by Spencer KM Brown

RB Morris took the stage with a beer in hand and a country boy’s charm, the pale lights illuminating a few more bottles set on the stool behind him. He swung the strap of his vintage, tobacco-fade guitar over his head then humbly and coolly slid into his popular opening song, “Old Copper Penny.” Morris picked the strings and sang as if to a packed house, though the crowd barely filled the few tables up front by the stage, setting the tone for a soothing night of folk and country.

It’s the last stop on RB Morris’ tour which began in January. Muddy Creek opened its doors in 2011 in a renovated historical building, once a working grist mill, tucked away in the wooded outskirts of Winston-Salem in Bethania. With only a few years of bluegrass, country, folk and Americana shows under their belt, they’ve booked award-winning and legendary musicians such as Albert Lee, John Gorka, Jim Avett and Don Flemons.

Based out of his hometown in Knoxville, Tenn., RB Morris has produced six studio albums and extensively toured both America and Europe, but there’s a literary element to his live show that veers away from the country paradigm. Mid-set, Morris let his guitar hang loose on his shoulder and began reciting the title poem from one of his poetry collections, The Mockingbird Poems.

Morris has published three volumes of poetry to date; Mockingbird, probably his most successful, earned a Pushcart Prize nomination in 2013. He wrote and produced a short film in the mid-1980s about the life of writer James Agee titled The Man Who Lives Here is Loony, a story he brought it to the live stage in 2016. In 2009, Morris was named Knoxville’s first-ever poet laureate.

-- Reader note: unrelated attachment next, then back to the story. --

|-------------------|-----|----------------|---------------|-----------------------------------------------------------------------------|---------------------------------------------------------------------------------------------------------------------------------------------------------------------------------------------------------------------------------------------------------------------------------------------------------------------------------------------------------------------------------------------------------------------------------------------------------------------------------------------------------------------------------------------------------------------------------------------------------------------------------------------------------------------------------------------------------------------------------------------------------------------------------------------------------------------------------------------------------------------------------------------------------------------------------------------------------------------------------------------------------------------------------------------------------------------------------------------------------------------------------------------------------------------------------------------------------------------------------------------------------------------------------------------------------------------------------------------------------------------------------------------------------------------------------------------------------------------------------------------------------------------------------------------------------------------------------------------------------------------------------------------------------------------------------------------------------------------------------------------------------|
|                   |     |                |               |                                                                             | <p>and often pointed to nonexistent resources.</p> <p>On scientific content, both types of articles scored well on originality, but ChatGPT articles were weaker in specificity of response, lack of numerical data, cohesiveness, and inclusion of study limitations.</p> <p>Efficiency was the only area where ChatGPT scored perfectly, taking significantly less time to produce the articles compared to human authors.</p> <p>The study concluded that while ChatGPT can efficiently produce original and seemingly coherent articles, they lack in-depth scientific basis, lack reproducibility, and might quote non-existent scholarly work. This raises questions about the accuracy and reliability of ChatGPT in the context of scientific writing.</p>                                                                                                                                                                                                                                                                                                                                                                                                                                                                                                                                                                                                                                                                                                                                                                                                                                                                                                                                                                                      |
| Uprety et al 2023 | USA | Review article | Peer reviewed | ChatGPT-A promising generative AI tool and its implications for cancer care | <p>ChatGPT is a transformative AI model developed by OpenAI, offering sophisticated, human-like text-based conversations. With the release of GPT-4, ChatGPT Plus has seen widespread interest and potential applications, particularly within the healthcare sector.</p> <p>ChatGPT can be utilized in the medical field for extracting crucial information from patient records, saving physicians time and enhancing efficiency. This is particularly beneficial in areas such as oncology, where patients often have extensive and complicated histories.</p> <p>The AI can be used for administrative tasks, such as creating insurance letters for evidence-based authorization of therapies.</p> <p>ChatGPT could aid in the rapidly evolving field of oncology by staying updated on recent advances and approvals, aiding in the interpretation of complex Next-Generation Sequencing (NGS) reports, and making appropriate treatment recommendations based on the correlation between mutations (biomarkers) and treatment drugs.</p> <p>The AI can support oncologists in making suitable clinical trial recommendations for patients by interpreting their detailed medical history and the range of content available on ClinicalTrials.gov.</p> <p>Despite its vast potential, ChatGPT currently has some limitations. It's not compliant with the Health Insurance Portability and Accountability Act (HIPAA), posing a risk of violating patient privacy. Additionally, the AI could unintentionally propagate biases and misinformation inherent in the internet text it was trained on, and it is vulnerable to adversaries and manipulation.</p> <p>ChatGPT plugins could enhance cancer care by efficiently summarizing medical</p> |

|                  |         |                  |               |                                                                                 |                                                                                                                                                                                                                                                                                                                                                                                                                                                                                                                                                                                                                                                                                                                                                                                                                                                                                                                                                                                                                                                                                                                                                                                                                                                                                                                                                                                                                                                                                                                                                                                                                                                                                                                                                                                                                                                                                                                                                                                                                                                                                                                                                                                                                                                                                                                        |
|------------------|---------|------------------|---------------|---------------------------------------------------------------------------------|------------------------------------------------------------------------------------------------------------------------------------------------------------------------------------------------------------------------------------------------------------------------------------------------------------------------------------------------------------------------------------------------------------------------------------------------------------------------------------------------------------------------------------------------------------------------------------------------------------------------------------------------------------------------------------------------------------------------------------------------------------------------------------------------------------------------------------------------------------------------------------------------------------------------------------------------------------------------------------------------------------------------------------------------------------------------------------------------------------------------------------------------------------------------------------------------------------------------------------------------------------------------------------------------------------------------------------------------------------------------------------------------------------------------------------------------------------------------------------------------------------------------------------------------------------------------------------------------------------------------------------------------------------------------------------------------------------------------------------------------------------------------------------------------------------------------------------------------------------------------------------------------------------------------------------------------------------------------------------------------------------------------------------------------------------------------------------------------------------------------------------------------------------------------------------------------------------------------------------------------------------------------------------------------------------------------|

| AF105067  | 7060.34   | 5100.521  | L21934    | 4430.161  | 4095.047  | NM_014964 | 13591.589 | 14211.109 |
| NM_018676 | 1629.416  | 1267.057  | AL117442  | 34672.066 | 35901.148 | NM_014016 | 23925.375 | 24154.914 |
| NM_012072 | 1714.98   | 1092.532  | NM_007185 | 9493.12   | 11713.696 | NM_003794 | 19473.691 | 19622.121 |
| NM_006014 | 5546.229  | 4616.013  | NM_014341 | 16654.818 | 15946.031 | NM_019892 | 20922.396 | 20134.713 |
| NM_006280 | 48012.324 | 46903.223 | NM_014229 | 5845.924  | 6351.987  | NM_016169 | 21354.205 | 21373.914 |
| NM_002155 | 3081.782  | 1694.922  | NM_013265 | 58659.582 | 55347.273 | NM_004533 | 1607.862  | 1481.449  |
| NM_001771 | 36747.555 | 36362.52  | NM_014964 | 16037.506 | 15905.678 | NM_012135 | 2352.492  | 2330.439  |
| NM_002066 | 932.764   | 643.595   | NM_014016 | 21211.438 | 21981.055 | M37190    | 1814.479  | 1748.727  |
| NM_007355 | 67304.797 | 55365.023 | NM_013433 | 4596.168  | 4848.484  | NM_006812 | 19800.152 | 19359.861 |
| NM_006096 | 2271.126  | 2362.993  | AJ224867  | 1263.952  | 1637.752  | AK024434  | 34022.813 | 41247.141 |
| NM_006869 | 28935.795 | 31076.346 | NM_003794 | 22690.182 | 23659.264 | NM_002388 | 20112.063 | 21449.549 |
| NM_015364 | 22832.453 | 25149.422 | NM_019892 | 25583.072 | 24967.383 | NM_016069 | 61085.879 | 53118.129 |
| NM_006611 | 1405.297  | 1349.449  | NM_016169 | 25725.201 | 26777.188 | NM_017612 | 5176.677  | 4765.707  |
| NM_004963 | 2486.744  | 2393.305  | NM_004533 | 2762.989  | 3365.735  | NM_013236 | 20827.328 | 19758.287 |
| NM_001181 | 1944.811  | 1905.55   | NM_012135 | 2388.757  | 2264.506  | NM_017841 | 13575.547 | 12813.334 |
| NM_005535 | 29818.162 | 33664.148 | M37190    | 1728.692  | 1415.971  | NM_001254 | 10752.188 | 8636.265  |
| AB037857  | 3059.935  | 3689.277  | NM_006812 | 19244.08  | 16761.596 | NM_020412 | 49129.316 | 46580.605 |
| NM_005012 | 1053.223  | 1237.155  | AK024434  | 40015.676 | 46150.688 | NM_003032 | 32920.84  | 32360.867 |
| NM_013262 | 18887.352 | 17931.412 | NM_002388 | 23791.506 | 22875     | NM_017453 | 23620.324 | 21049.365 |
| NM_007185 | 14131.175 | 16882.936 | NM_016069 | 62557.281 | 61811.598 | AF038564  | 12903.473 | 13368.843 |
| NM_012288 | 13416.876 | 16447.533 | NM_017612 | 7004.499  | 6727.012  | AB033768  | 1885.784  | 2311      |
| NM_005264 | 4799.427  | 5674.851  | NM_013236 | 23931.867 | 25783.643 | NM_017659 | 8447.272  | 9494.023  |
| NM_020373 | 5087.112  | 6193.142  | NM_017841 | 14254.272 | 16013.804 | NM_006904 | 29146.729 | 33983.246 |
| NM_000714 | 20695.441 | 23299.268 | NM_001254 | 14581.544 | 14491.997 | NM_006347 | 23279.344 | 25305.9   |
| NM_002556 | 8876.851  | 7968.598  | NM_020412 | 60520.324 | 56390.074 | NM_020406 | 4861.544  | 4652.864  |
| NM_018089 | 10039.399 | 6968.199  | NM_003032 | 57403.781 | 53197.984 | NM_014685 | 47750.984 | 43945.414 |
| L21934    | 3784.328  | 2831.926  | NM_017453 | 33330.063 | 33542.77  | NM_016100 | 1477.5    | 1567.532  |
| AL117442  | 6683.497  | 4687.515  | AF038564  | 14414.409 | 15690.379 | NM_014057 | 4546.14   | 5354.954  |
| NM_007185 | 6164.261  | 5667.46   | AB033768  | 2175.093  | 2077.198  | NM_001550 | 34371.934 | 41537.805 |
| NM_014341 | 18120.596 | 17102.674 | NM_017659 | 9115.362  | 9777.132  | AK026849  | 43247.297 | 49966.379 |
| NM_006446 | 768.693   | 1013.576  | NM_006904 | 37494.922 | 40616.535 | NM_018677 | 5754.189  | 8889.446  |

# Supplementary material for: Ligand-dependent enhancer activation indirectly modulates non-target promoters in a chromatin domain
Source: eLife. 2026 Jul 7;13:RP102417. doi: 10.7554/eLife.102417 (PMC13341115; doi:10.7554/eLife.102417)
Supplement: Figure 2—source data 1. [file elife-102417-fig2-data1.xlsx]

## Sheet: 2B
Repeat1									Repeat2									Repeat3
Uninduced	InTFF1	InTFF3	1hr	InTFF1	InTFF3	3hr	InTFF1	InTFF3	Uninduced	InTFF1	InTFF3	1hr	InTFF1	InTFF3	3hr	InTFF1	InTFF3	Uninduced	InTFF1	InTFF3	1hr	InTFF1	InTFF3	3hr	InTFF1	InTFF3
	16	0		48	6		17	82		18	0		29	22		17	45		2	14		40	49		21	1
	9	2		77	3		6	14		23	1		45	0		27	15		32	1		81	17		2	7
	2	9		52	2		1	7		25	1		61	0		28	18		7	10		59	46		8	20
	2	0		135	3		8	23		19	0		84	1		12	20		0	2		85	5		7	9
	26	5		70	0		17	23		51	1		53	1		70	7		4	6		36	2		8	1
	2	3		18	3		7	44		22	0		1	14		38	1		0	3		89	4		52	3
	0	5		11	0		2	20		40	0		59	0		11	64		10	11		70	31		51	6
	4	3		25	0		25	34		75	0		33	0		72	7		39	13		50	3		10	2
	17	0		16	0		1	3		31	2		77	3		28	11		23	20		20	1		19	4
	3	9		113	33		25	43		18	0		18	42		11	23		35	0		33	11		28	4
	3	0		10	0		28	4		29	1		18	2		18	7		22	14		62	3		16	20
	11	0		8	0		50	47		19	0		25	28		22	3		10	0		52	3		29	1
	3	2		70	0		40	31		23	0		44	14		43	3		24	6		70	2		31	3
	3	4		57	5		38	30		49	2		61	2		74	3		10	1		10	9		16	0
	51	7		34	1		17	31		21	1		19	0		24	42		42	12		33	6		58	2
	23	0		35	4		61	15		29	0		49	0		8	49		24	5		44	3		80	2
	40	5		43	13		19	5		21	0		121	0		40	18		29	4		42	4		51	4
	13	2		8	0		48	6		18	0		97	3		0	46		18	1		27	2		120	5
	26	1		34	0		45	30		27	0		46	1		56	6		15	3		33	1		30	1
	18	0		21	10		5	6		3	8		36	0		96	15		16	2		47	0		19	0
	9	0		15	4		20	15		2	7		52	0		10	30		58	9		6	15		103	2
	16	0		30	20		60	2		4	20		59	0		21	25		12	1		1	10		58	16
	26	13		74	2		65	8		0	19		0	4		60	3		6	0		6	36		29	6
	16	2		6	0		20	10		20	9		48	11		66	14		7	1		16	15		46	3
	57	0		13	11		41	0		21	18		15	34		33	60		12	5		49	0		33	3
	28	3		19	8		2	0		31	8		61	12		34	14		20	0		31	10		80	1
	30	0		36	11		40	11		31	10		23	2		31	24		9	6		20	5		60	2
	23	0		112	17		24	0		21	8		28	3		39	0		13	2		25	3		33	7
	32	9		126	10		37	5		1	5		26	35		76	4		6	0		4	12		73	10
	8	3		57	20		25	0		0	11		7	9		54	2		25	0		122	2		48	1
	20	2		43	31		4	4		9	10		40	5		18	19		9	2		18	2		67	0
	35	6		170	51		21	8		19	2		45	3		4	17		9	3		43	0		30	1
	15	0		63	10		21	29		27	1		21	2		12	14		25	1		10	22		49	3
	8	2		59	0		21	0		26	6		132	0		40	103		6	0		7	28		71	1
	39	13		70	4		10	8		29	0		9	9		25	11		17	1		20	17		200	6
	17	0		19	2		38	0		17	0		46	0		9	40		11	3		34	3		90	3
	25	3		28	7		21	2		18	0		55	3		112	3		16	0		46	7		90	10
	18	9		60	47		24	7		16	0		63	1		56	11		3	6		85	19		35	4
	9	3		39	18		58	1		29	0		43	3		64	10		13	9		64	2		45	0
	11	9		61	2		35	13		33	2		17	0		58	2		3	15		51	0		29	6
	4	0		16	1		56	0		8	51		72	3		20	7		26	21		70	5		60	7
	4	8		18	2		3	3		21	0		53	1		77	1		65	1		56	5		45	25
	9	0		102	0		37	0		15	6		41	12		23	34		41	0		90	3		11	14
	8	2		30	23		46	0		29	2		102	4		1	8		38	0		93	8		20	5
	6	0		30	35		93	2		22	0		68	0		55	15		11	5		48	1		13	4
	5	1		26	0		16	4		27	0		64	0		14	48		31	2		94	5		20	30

He calls it “Appalachian beat poetry,” this blend of storytelling and lyricism, bringing to mind Leonard Cohen or Bonnie “Prince” Billy, delivered in a voice like Clapton. A storyteller at heart, Morris gave the backstory behind his lyrics, while also filling pauses between songs with tales of the small towns of Appalachia and his time touring in Europe.

Hector Qirko, a guitarist from Johnson City, Tenn., joined Morris for the night. Qirko has performed on two of Morris’ albums while also heading up his main project the Hector Qirko Band. Qirko provided ambient lead guitar behind Morris’ acoustic picking, and the road-tested duo proved smoothly compatible on stage, nailing harmonies in perfect syncopation and picking up on each other’s subtle cues.

Halfway through the two-hour set, Morris paid homage to the country and folk idols we lost this past year, playing a song he wrote in tribute to Merle Haggard and reciting Leonard Cohen’s “Paper Thin Hotel” in a touching monologue.

While the tone of the evening was calming and soothing for the seated crowd, Morris knew when to pick up the mood and got feet tapping and the crowd singing along to his songs “Distillery” and “Hell On a Poor Boy.” A melodic and poetic break from the bustle of life, Morris and Qirko gave pause to the crowd, which then responded with happy cheers and a standing ovation.

Towards the end of the show, Morris took a beer in his hand, announcing, “We need a good drinking song, ya’ll,” and let his fingers pick at the strings as hands clapped in rhythm. Morris let his voice bellow through the hall, calling forth the song of the mountains with every note.

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